7.         Just this year, the program introduced a specific training track for our primary care physicians. This is vital, since they have the best opportunity to educate and counsel women on the risks of breast cancer and the benefits of screening.


8.         So far we have discussed screening as if there were only benefits. But this is not true for any screening program. Breast screening is no different.

9.         Allow me to explain: We need to acknowledge the controversies surrounding breast cancer screening which have arisen in recent years; specifically, the polarised arguments about the harms of breast cancer screening. While there is no consensus on this, we would do a disservice to our patients if we ourselves do not understand what the issues are.

10.       Various studies have documented mortality reduction of between 15-30% from breast cancer screening. This is a significant benefit. Based on this, we have encouraged as many women to come forward to be screened, and have their breast cancers detected early so that they can be treated early on in the disease.

11.       Mortality reduction notwithstanding, screening is not just about benefit. The most commonly discussed harm in a doctor’s office is probably focused on false-positive screening tests.

False positives are more common in younger women, those in their 40’s, due to denser breast tissue, and are associated with much anxiety while the women concerned wait for the results of further tests.

12.       In actual fact, false-positive results are not the most important harm of screening, overdiagnosis is. This is when women are diagnosed, and undergo treatment for something detected during screening that may never have presented clinically in their lifetime.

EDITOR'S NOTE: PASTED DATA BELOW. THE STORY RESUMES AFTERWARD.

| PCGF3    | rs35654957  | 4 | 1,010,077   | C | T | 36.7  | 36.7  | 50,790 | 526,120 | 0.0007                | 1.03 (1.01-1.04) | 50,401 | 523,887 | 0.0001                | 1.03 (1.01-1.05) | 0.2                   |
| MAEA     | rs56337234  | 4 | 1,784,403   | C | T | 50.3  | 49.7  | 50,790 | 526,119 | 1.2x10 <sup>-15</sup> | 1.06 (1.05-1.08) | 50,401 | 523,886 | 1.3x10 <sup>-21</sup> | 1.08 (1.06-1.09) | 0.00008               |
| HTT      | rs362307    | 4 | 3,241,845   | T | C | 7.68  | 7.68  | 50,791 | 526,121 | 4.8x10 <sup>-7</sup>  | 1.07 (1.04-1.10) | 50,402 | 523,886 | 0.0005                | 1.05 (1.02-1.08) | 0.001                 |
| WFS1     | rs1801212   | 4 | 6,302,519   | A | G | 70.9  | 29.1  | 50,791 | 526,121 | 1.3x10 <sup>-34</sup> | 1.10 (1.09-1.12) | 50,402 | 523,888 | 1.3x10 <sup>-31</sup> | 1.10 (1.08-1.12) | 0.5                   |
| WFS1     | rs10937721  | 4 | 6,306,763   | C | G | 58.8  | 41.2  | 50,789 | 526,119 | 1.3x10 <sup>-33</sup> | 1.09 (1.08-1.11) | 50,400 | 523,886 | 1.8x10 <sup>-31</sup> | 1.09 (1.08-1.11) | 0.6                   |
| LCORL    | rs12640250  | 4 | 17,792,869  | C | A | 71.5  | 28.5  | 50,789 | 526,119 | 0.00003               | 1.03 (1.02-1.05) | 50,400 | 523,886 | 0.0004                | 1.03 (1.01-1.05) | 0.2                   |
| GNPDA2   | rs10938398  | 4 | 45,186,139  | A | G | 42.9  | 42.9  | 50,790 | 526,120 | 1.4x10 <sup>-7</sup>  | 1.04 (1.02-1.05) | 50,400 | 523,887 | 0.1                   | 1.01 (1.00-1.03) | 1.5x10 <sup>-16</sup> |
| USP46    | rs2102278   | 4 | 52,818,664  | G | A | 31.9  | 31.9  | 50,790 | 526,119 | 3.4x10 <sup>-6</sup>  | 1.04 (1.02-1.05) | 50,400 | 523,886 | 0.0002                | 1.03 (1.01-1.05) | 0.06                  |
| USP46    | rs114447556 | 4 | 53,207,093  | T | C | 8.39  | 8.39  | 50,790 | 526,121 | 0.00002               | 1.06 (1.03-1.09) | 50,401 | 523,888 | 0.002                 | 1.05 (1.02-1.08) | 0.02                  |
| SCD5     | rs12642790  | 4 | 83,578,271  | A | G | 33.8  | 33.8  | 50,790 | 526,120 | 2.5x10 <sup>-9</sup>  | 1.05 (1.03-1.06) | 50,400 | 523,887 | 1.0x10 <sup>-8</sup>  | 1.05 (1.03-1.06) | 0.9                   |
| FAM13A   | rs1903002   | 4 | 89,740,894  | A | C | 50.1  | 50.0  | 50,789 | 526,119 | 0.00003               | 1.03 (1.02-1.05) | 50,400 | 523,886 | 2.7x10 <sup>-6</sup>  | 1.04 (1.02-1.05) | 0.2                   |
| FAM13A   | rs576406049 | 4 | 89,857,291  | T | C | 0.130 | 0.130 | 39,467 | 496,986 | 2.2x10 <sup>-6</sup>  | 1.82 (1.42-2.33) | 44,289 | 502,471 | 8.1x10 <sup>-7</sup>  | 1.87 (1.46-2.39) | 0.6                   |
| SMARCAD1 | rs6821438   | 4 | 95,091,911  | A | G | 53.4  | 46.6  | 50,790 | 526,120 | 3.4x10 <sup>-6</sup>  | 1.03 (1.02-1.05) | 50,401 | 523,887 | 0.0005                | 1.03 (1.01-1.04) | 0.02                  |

13.  I would like to emphasize that I am in no way discouraging people from coming forward for screening. Far from it. With our currently low screening rates of 40%, more can be done to improve uptake, facilitate early diagnosis, and improve survival. However it is important to realize that ultimately, we as healthcare professionals have a duty of care to be current and fully informed ourselves, to provide sound advice to our patients, and to encourage frank discussions on screening and possible outcomes. Our patients would appreciate the balanced information, and if our discussions are done right, it should not deter them from making the right choice with regard to screening.

 14.      More research needs to be done to address the scientifically challenging issue of potential overdiagnosis and we will continue to watch the horizon for emerging evidence.

15.       As BSS enters its second decade, allow me to congratulate you all on a job well done. On this note let me thank you all, guests, faculty and participants for joining us at this seminar. I wish you an enjoyable time of sharing your knowledge and learning more.

[1] Singapore Cancer Registry Interim Annual Registry Report: Trends in cancer incidence in Singapore 2006 – 2010, National Registry of Diseases Office (NRDO)

[2] National breast cancer screening programs started in 1986-1988 (Finland, Iceland, UK, Canada)

[3] 1,881 cases have been detected, of which 70% were invasive, and 30% were DCIS cases

  Return to Top